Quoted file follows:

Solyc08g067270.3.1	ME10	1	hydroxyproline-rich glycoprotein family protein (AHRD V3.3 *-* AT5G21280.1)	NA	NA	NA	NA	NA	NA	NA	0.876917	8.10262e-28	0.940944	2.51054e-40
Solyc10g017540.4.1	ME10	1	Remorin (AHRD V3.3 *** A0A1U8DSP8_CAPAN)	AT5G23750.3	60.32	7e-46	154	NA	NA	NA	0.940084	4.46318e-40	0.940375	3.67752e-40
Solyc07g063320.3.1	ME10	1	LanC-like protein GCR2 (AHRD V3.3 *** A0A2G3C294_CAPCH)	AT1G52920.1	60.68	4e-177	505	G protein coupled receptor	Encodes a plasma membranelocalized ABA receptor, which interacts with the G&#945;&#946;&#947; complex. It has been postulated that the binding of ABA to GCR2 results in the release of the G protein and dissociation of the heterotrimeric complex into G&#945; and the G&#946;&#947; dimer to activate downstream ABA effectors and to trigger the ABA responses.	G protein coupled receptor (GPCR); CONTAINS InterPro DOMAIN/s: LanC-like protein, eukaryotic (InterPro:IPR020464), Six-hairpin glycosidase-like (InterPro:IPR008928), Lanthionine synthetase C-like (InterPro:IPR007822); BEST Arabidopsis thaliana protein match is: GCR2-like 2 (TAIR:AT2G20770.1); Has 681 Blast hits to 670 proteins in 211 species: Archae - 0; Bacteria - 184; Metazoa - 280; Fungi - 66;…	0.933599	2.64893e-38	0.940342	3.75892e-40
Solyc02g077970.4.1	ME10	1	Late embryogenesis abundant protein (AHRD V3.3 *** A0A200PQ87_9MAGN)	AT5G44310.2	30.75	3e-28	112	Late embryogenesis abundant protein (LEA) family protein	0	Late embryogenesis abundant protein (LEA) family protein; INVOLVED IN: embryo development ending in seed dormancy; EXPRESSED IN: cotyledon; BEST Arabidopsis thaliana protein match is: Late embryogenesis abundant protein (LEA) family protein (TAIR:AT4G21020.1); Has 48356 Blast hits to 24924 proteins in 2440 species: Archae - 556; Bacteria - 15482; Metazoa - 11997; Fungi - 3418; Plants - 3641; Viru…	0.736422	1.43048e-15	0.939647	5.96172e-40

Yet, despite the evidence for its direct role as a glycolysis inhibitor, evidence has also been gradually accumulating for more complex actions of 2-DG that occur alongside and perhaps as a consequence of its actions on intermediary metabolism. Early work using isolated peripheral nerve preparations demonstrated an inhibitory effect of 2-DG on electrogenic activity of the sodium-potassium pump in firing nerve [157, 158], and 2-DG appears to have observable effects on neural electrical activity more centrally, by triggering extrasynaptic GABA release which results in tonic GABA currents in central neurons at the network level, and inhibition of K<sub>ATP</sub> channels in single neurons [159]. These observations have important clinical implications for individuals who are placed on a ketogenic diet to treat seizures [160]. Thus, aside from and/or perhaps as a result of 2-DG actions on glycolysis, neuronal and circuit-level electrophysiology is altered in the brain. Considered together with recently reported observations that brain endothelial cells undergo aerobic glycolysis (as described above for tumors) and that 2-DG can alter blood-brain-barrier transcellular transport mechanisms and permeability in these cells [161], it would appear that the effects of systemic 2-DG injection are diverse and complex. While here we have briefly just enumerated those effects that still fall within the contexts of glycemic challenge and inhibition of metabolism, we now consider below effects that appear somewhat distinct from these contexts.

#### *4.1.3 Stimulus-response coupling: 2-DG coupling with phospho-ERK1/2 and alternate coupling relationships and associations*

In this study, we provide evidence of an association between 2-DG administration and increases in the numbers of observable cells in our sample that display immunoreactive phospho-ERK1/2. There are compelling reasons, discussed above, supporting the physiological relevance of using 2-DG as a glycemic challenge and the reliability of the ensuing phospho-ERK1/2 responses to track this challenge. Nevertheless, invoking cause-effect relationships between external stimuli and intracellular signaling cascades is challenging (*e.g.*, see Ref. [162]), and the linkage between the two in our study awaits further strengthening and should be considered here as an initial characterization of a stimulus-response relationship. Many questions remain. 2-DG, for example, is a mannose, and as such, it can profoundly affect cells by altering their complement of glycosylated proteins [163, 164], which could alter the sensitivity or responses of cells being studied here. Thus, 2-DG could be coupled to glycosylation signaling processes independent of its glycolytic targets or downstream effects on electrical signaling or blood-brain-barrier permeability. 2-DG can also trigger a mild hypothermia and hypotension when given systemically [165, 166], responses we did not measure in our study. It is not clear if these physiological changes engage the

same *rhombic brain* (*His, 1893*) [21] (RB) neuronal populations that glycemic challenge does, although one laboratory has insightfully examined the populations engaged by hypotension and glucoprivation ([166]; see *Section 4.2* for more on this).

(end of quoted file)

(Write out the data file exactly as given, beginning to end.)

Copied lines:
Solyc08g067270.3.1	ME10	1	hydroxyproline-rich glycoprotein family protein (AHRD V3.3 *-* AT5G21280.1)	NA	NA	NA	NA	NA	NA	NA	0.876917	8.10262e-28	0.940944	2.51054e-40
Solyc10g017540.4.1	ME10	1	Remorin (AHRD V3.3 *** A0A1U8DSP8_CAPAN)	AT5G23750.3	60.32	7e-46	154	NA	NA	NA	0.940084	4.46318e-40	0.940375	3.67752e-40
Solyc07g063320.3.1	ME10	1	LanC-like protein GCR2 (AHRD V3.3 *** A0A2G3C294_CAPCH)	AT1G52920.1	60.68	4e-177	505	G protein coupled receptor	Encodes a plasma membranelocalized ABA receptor, which interacts with the G&#945;&#946;&#947; complex. It has been postulated that the binding of ABA to GCR2 results in the release of the G protein and dissociation of the heterotrimeric complex into G&#945; and the G&#946;&#947; dimer to activate downstream ABA effectors and to trigger the ABA responses.	G protein coupled receptor (GPCR); CONTAINS InterPro DOMAIN/s: LanC-like protein, eukaryotic (InterPro:IPR020464), Six-hairpin glycosidase-like (InterPro:IPR008928), Lanthionine synthetase C-like (InterPro:IPR007822); BEST Arabidopsis thaliana protein match is: GCR2-like 2 (TAIR:AT2G20770.1); Has 681 Blast hits to 670 proteins in 211 species: Archae - 0; Bacteria - 184; Metazoa - 280; Fungi - 66;…	0.933599	2.64893e-38	0.940342	3.75892e-40
Solyc02g077970.4.1	ME10	1	Late embryogenesis abundant protein (AHRD V3.3 *** A0A200PQ87_9MAGN)	AT5G44310.2	30.75	3e-28	112	Late embryogenesis abundant protein (LEA) family protein	0	Late embryogenesis abundant protein (LEA) family protein; INVOLVED IN: embryo development ending in seed dormancy; EXPRESSED IN: cotyledon; BEST Arabidopsis thaliana protein match is: Late embryogenesis abundant protein (LEA) family protein (TAIR:AT4G21020.1); Has 48356 Blast hits to 24924 proteins in 2440 species: Archae - 556; Bacteria - 15482; Metazoa - 11997; Fungi - 3418; Plants - 3641; Viru…	0.736422	1.43048e-15	0.939647	5.96172e-40

Yet, despite the evidence for its direct role as a glycolysis inhibitor, evidence has also been gradually accumulating for more complex actions of 2-DG that occur alongside and perhaps as a consequence of its actions on intermediary metabolism. Early work using isolated peripheral nerve preparations demonstrated an inhibitory effect of 2-DG on electrogenic activity of the sodium-potassium pump in firing nerve [157, 158], and 2-DG appears to have observable effects on neural electrical activity more centrally, by triggering extrasynaptic GABA release which results in tonic GABA currents in central neurons at the network level, and inhibition of K<sub>ATP</sub> channels in single neurons [159]. These observations have important clinical implications for individuals who are placed on a ketogenic diet to treat seizures [160]. Thus, aside from and/or perhaps as a result of 2-DG actions on glycolysis, neuronal and circuit-level electrophysiology is altered in the brain. Considered together with recently reported observations that brain endothelial cells undergo aerobic glycolysis (as described above for tumors) and that 2-DG can alter blood-brain-barrier transcellular transport mechanisms and permeability in these cells [161], it would appear that the effects of systemic 2-DG injection are diverse and complex. While here we have briefly just enumerated those effects that still fall within the contexts of glycemic challenge and inhibition of metabolism, we now consider below effects that appear somewhat distinct from these contexts.

#### *4.1.3 Stimulus-response coupling: 2-DG coupling with phospho-ERK1/2 and alternate coupling relationships and associations*

In this study, we provide evidence of an association between 2-DG administration and increases in the numbers of observable cells in our sample that display immunoreactive phospho-ERK1/2. There are compelling reasons, discussed above, supporting the physiological relevance of using 2-DG as a glycemic challenge and the reliability of the ensuing phospho-ERK1/2 responses to track this challenge. Nevertheless, invoking cause-effect relationships between external stimuli and intracellular signaling cascades is challenging (*e.g.*, see Ref. [162]), and the linkage between the two in our study awaits further strengthening and should be considered here as an initial characterization of a stimulus-response relationship. Many questions remain. 2-DG, for example, is a mannose, and as such, it can profoundly affect cells by altering their complement of glycosylated proteins [163, 164], which could alter the sensitivity or responses of cells being studied here. Thus, 2-DG could be coupled to glycosylation signaling processes independent of its glycolytic targets or downstream effects on electrical signaling or blood-brain-barrier permeability. 2-DG can also trigger a mild hypothermia and hypotension when given systemically [165, 166], responses we did not measure in our study. It is not clear if these physiological changes engage the

same *rhombic brain* (*His, 1893*) [21] (RB) neuronal populations that glycemic challenge does, although one laboratory has insightfully examined the populations engaged by hypotension and glucoprivation ([166]; see *Section 4.2* for more on this).